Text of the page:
Wednesday, 2 March 2011
Something Doesn't Add Up
Eunice and Owen Johns are members of the Christian Pentecostal Church. Between August 1992 and January 1995 they were approved as short-term, respite, foster carers by Derby City Council. They last fostered a child in September 1993 when they did so for one month. In London's High Court on Monday it was their application, made in January 2007, which they wished clarified. Shortly before the case was to be heard the Equality and Human Rights Commission decided they wanted to take part.
I've no intention of going into the ecclesiastical issues of the case because they have been well covered here (do read the paragraph regarding 'secular' judges), but there are a few points which concern me.
Mr and Mrs Johns attend church services twice every Sunday. Part of Derby Social Services defence was that when asked about church activities Mrs Johns stated she felt she could not give up going to church. Nowadays I know few attend church services on Sundays - or any other days - but this ruling would appear to bar any church going person from fostering.
In paragraph  it's stated 'They are also recorded as telling Mrs Shaw [social worker] that they would not feel able to take a child to a mosque'. If they weren't Jewish they wouldn't be able to take a Jewish child to a synagogue, so the church service issue doesn't bear scrutiny.
The Johns' specifically wish to foster children up to the age of 10, so why are matters of sexuality relevant to such young children? Or is it being suggested they should be? With sex education now being a legal requirement in schools to children from the age of 5, it would seem the latter is the case and I foresee all future foster carers plus those applying to adopt, having to attend compulsory sex education training.
It was my belief that equality laws were supposed to uphold the rights to religious belief yet the High Court ruled that laws protecting people from discrimination because of their sexual orientation 'should take precedence' over the right not to be discriminated against on religious grounds. Why has it been left to judges to decide whose rights trump those of others when this should have been decided by the Westminster Parliament? Some say this is yet another sloppily drafted measure which will have far-reaching consequences for freedom of conscience in this country and I can't disagree.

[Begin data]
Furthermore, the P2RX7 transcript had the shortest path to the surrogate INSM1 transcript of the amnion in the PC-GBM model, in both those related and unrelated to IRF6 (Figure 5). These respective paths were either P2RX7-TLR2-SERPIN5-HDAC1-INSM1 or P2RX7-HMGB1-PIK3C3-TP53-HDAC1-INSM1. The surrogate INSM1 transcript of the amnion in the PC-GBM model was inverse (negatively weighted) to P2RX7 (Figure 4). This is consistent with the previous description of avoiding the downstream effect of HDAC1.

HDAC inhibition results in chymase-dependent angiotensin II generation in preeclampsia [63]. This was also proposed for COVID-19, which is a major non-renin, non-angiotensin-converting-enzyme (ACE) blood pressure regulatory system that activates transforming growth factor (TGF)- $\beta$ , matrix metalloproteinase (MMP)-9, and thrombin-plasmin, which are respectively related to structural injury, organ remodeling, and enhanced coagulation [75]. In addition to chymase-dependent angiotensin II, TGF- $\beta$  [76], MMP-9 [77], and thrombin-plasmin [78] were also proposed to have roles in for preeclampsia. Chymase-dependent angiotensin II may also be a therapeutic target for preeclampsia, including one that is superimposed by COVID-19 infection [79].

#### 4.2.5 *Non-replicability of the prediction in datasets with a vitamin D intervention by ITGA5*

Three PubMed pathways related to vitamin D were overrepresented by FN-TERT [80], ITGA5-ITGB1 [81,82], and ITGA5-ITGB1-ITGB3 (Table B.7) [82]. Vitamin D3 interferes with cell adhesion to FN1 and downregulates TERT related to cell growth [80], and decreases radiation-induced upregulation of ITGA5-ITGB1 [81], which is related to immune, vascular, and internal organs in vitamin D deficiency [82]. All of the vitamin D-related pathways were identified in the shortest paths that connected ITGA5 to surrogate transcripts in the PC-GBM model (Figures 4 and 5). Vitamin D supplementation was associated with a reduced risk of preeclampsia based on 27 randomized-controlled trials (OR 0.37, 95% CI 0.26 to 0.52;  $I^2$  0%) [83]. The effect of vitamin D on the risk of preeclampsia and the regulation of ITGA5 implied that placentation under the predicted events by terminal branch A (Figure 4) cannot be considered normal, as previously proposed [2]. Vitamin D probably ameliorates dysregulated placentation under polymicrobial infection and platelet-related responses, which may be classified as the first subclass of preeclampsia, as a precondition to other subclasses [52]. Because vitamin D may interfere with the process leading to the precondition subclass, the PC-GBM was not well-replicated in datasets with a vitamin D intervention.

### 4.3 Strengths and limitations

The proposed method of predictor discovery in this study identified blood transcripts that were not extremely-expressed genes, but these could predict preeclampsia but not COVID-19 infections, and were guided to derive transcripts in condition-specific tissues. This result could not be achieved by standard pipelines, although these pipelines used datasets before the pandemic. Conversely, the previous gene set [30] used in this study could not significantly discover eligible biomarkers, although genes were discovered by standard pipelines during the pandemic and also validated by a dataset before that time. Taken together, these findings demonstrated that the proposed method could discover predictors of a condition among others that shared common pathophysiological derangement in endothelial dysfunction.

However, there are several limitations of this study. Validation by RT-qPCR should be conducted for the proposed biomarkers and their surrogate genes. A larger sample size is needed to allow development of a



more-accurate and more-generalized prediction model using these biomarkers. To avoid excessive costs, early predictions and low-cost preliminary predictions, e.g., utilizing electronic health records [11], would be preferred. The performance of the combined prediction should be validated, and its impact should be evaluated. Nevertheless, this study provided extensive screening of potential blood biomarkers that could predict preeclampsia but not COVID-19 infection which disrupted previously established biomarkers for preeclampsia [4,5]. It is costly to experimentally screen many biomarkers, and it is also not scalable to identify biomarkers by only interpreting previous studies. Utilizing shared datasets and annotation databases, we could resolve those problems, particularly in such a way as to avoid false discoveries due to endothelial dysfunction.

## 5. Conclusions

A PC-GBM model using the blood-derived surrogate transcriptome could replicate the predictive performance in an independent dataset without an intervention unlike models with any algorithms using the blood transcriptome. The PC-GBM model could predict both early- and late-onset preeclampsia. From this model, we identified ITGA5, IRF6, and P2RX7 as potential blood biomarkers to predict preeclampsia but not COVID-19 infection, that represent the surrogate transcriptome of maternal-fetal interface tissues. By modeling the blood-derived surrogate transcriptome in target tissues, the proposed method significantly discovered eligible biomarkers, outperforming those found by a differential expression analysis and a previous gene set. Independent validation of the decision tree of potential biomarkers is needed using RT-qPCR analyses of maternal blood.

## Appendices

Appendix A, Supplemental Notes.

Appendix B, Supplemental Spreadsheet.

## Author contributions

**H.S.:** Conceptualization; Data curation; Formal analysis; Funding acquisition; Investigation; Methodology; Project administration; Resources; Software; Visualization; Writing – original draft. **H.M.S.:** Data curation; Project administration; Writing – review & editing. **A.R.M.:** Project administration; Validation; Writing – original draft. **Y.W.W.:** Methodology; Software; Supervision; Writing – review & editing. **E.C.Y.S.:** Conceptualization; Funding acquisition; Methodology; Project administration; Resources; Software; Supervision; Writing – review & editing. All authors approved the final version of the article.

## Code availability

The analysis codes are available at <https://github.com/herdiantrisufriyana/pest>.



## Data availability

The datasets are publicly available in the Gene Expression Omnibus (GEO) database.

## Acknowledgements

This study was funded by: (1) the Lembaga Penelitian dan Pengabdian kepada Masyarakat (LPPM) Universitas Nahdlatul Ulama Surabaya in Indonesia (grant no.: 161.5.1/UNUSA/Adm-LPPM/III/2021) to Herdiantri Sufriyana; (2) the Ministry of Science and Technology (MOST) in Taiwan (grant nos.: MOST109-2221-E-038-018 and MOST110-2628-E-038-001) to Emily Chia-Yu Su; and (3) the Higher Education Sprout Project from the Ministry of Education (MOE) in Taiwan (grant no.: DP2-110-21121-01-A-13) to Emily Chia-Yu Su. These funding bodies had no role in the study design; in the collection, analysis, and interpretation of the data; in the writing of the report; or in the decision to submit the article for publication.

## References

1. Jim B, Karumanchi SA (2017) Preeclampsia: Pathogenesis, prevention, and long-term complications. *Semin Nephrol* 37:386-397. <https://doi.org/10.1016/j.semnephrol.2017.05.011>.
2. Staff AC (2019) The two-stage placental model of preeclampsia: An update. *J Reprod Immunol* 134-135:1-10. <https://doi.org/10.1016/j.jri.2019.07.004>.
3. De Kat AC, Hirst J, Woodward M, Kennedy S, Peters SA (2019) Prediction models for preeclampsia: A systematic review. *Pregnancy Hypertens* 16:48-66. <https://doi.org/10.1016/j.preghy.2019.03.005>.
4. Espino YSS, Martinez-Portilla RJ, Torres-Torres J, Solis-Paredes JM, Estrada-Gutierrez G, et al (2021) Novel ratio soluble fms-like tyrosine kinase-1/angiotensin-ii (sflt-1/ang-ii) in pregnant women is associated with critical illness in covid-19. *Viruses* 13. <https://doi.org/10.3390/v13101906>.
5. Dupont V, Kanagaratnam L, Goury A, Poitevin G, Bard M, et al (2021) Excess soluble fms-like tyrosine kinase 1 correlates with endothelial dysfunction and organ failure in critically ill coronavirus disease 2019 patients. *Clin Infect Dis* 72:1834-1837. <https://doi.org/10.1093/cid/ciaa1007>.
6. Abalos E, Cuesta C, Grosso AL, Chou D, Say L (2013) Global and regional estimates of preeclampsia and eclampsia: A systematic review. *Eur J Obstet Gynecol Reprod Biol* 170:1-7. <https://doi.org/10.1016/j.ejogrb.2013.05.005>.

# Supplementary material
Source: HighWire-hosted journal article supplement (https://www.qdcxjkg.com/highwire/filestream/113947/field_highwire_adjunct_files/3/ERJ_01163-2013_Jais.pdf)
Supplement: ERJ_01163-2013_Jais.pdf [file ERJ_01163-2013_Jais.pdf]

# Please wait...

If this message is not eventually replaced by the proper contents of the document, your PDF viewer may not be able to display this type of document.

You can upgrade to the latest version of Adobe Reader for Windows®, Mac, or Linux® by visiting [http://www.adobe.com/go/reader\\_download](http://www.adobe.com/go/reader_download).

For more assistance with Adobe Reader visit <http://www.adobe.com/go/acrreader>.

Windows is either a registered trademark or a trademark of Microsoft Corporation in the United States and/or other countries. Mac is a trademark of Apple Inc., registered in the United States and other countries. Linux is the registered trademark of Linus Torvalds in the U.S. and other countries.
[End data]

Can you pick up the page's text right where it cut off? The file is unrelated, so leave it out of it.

Only last week Michael Gove announced reforms to the adoption regime which will remove barriers that plague the system. Currently there are 64,000 children in care in England and adoption rates are falling. Good foster carers are very valuable to our society - it's not a job I would consider. Years ago short-term foster carers and respite carers were greatly cherished because they were the people who would give love and tender care to a frightened child and often at very short notice.
It must be noted that Derby CC stated (although there was no evidence filed) that it 'has approved foster carers who are very committed Christians who hold to orthodox beliefs - whatever that means - and devout Muslim carers who are similarly committed to their religion, but who in both instances are able to value diversity notwithstanding their strongly held religious beliefs...' 
It is my understanding that the Jewish and Muslim faith do not accept homosexuality, so how do Derby CC manage to recruit Muslim foster carers? Are Muslim foster carers asked to care only for Muslim children? If so that's surely discrimination.
As far as I'm aware sexuality is not defined by religion any more than the colour of our eyes or hair so why must the two be intertwined unless by individual choice?
The Court judgement appears to criticise the legal submissions, particularly that submitted by Mr and Mrs Johns' lawyer Paul Diamond. Even so, something doesn't add up. Is it because the more liberal we are said to have become, the more illiberal we have become?